Despite widespread criticism from city leaders, members of the Glendale Historical Society say they are doggedly continuing their fight against a plan to build a senior citizen apartment complex around the historic Goode House.
David L. Smith, society president, said this week that the group will appeal a decision issued last week granting a variance and conditional-use permit to convert the 101-year-old Victorian house into a commercial office and build a horseshoe-shaped apartment building around it.
The appeal, which must be filed by Nov. 17, would be heard by the Board of Zoning Appeals. Smith said the group is prepared to carry the challenge back to a previously unsympathetic City Council and may seek legal action in the event of rejection.
Council members have chastised society leaders for challenging a private developer's efforts to preserve Goode House, considered one of the most valuable historical landmarks in Glendale. City officials have been hoping for years to save the house, which sits in the center of a three-lot parcel at 119 N. Cedar St.
The house had been threatened with demolition until the city in 1985 adopted an ordinance protecting historic places. However, the house still could be demolished if the owner filed for a permit and no other buyer could be found within a year.
Smith said members are continuing their opposition to the preservation plan because they fear that the approved proposal may disqualify the house from eligibility for the National Register of Historic Places. He said the proposed 40-unit apartment building, which would come within 8 feet of the house, is too close and too large and would impair views of architectural features. "The project smothers the house," Smith said.
Planning Director John W. McKenna granted the variance Nov. 2 with a series of conditions after months of negotiations involving the developer, preservationists and city officials.
The developer, Joe Ayvazi of the Cedar Broadway Partnership of Glendale, said the density of the apartment development, which consists of undersized units, is needed to make the restoration project financially feasible.
Ayvazi's proposal is currently the only alternative offered to save the house, which is the last example of Queen Anne-Eastlake architecture on its original site in Glendale.
Marlene Roth, a consultant to the developer, said a series of changes were made in the proposal in response to criticism from preservationists and city officials. Concessions have included a significant increase in the distance the apartment building will be set back from the street so as not to overshadow Goode House.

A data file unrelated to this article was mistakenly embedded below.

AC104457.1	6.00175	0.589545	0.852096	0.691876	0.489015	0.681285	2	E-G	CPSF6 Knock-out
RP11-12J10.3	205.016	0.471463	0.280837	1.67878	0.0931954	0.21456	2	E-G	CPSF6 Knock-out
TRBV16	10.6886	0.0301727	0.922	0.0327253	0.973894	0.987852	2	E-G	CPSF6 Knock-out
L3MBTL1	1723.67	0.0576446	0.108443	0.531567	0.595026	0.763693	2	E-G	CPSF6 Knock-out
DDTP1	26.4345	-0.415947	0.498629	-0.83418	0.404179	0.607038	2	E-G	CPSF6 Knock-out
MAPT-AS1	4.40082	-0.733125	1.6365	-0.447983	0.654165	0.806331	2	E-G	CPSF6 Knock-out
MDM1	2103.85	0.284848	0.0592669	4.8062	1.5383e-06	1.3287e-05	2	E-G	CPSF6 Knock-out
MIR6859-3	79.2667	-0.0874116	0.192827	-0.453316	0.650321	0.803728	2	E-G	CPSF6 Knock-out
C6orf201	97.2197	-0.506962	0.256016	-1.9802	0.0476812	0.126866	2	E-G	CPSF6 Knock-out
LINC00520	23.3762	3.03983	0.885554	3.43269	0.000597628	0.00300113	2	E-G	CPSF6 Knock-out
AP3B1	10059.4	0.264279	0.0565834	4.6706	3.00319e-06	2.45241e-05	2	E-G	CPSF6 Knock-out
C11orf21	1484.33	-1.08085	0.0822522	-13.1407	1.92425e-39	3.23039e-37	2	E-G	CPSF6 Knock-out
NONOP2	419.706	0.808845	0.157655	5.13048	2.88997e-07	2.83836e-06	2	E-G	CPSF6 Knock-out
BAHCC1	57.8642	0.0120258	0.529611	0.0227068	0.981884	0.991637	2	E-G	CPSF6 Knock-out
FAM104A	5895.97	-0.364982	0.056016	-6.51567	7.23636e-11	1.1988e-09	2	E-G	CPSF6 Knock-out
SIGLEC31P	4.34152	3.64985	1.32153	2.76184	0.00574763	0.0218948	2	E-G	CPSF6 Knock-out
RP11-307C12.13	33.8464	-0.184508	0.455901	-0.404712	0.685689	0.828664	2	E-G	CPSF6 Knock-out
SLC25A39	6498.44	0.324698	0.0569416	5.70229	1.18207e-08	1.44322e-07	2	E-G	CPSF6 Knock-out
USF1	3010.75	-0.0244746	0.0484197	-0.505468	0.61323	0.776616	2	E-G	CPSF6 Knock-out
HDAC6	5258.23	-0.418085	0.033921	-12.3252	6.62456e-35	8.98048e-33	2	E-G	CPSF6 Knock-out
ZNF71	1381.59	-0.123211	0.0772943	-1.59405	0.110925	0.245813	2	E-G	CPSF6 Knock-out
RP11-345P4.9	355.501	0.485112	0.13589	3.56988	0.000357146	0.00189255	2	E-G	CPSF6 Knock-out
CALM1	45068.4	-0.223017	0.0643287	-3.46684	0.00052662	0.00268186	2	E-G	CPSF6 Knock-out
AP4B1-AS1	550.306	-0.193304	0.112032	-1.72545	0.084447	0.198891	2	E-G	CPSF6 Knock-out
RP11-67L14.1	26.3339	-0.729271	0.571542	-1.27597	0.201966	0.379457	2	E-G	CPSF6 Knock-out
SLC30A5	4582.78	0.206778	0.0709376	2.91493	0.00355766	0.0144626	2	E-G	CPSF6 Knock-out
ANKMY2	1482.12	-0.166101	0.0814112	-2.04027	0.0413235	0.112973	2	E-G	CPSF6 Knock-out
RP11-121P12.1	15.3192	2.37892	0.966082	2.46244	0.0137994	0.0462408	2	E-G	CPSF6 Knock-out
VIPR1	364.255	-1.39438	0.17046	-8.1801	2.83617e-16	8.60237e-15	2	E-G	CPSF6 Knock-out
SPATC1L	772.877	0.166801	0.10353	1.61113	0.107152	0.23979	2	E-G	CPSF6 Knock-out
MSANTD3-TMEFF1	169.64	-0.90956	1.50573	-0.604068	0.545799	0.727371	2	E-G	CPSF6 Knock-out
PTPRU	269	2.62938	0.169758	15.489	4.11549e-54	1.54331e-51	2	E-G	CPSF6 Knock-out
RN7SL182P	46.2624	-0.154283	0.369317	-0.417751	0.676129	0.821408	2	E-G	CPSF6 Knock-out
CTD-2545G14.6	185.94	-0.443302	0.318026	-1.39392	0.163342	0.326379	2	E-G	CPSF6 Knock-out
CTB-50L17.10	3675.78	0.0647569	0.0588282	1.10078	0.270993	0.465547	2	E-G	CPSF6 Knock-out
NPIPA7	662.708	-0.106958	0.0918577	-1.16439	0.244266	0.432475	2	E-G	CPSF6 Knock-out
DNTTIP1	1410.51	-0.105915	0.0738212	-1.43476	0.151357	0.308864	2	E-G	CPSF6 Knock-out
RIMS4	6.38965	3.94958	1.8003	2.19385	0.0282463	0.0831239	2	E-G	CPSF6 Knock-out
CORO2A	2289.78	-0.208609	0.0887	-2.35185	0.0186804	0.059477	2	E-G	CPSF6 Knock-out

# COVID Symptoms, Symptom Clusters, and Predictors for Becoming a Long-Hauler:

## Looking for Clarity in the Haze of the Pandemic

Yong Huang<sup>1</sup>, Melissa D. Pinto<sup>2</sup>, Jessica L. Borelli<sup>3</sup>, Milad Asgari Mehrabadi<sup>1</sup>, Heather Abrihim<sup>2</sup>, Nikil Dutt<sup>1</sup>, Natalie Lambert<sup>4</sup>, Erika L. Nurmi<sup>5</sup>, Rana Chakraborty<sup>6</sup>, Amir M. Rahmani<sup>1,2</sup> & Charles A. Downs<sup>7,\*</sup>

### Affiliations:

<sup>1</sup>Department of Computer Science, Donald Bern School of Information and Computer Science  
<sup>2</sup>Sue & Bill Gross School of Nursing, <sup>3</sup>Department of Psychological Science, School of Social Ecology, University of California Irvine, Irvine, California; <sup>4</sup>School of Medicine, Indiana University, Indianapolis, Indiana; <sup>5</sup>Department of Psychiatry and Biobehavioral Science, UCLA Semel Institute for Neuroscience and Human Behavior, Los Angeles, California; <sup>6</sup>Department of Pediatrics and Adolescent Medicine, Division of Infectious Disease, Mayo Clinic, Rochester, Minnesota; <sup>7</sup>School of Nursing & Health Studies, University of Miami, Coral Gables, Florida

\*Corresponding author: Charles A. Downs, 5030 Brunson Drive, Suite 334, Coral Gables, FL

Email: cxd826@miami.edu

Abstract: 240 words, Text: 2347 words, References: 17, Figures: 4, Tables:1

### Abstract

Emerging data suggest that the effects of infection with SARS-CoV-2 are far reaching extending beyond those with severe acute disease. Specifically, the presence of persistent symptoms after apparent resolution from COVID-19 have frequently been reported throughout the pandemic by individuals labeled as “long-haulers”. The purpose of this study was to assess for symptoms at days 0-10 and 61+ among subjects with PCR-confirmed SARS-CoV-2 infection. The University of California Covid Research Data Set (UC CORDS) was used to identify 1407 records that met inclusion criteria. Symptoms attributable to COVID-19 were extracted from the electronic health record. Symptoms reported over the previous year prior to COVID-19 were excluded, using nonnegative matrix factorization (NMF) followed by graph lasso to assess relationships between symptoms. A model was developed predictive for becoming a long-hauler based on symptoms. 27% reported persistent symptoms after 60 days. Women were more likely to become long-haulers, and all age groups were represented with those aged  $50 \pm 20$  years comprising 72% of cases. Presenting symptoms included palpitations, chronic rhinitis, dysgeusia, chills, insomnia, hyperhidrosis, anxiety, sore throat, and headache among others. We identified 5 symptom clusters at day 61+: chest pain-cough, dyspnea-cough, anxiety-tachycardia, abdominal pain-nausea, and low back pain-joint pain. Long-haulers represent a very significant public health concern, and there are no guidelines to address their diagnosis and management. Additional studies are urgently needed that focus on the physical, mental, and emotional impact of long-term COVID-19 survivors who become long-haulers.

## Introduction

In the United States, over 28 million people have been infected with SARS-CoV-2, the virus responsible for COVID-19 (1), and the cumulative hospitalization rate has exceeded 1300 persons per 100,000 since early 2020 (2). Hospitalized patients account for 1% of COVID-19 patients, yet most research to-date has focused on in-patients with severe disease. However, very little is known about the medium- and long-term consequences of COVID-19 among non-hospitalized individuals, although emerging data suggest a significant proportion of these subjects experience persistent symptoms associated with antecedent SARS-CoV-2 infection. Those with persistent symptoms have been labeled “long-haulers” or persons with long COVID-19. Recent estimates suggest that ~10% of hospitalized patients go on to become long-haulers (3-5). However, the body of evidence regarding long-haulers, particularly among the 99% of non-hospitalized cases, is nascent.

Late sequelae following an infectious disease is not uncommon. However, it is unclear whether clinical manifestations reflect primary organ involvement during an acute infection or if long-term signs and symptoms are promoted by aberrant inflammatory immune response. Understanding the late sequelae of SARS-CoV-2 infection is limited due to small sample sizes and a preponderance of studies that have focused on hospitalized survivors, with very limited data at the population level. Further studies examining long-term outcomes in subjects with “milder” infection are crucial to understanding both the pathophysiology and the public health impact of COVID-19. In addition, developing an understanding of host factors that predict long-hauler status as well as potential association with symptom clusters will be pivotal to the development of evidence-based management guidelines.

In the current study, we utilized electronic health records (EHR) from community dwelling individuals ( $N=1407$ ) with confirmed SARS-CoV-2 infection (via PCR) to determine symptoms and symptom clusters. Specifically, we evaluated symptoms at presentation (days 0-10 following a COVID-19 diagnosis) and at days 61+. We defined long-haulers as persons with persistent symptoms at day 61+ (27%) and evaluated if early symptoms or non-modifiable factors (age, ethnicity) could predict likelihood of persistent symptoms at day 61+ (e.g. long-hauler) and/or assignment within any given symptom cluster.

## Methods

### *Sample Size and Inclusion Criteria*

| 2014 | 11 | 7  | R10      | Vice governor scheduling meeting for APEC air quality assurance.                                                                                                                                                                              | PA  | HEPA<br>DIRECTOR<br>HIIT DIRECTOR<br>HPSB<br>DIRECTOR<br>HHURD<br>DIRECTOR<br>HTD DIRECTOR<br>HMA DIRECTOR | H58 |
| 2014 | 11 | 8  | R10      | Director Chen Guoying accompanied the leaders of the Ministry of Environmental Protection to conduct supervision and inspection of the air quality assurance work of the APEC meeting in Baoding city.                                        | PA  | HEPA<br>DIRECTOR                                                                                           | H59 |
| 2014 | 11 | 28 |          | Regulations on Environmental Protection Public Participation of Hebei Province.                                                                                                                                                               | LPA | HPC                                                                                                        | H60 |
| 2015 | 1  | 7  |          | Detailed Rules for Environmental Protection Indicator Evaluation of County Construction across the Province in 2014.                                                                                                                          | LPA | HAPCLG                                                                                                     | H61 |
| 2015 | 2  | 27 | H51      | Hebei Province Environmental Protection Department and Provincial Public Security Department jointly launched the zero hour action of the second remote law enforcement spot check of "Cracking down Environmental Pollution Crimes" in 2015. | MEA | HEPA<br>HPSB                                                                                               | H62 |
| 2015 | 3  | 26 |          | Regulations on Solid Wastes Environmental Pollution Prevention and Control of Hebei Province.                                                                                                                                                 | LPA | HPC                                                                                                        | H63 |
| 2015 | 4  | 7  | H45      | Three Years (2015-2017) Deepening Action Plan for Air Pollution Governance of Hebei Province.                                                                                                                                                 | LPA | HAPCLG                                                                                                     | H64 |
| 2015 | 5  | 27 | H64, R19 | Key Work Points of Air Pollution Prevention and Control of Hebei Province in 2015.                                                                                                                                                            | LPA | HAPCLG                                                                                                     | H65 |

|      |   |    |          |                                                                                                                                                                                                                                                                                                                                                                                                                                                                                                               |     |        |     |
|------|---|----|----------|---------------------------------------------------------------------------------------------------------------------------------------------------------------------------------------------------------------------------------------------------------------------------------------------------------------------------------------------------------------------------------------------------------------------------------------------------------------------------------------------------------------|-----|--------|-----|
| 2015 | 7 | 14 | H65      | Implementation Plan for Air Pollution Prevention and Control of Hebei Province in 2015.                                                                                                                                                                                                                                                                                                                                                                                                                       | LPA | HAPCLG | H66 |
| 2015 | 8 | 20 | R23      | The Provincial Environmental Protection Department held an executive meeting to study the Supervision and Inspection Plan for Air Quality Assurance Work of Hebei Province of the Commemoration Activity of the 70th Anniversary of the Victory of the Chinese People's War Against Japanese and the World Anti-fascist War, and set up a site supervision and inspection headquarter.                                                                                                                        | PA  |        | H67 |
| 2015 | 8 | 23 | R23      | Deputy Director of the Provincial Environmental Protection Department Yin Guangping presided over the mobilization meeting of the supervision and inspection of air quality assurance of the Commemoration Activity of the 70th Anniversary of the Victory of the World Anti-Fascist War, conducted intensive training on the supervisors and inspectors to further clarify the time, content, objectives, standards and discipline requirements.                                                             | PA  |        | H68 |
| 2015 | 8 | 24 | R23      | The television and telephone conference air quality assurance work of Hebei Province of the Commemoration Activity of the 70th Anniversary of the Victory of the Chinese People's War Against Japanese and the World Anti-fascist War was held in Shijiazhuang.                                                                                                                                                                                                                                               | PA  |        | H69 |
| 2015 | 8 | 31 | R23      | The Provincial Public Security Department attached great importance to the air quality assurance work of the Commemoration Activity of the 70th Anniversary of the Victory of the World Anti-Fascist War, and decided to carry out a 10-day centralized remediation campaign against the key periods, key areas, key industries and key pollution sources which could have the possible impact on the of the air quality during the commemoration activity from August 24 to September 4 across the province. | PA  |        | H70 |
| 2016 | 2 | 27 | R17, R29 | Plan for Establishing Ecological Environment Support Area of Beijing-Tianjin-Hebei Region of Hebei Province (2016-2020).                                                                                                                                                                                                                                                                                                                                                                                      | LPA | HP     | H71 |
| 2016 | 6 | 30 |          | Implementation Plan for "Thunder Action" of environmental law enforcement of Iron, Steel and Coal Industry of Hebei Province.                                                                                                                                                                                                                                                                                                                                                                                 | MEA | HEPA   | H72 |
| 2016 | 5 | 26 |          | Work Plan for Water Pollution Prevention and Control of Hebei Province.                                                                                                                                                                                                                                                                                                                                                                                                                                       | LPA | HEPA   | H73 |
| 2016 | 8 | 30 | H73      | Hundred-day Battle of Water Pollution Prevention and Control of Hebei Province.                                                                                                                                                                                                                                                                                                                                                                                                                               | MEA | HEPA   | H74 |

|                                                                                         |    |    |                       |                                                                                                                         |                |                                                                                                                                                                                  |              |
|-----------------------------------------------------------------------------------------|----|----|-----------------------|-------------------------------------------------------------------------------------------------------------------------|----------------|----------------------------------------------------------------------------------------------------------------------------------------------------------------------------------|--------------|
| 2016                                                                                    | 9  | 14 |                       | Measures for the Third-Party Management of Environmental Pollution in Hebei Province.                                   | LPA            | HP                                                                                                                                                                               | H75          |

Roth said any further concessions to the demands of preservationists would render the project financially infeasible. She said restoration of the house is expected to cost $250,000 to $300,000. Cost of the entire project is estimated at more than $2.6 million.
In response to Ayvazi's pledge to restore Goode House and provide much-needed senior housing, the city also has granted a number of concessions in its zoning standards. The city code normally would permit construction of only 30 units on the three-lot parcel, and the individual units would have to be larger than those planned by Ayvazi. City officials also have agreed to permit smaller side and rear yards and fewer parking spaces.
But Smith and some other society members say the concessions have gone too far. He said an integral part of the house is its "residential Southern California landscaping that has been obliterated by this plan."
Earlier Pleas Rejected
The City Council in August twice rejected pleas from the society and its legal and architectural preservation experts to require environmental impact studies and changes in Ayvazi's plans. Historical Society members insist that the project should be directed by the state Office of Historic Preservation.
However, city officials then said they have no intention of relinquishing local control and so warned critics of the restoration project. Mayor Carl Raggio and other council members accused a small group of Historical Society members of attempting to sabotage plans to salvage the house, which was the home of E. D. Goode, a pioneer city founder.
"We have reviewed this time and time again," said Raggio, who later told society members that "implied threats have come from you and your organization."
Council members said they are more concerned about saving the historic structure than listing it on a national roster.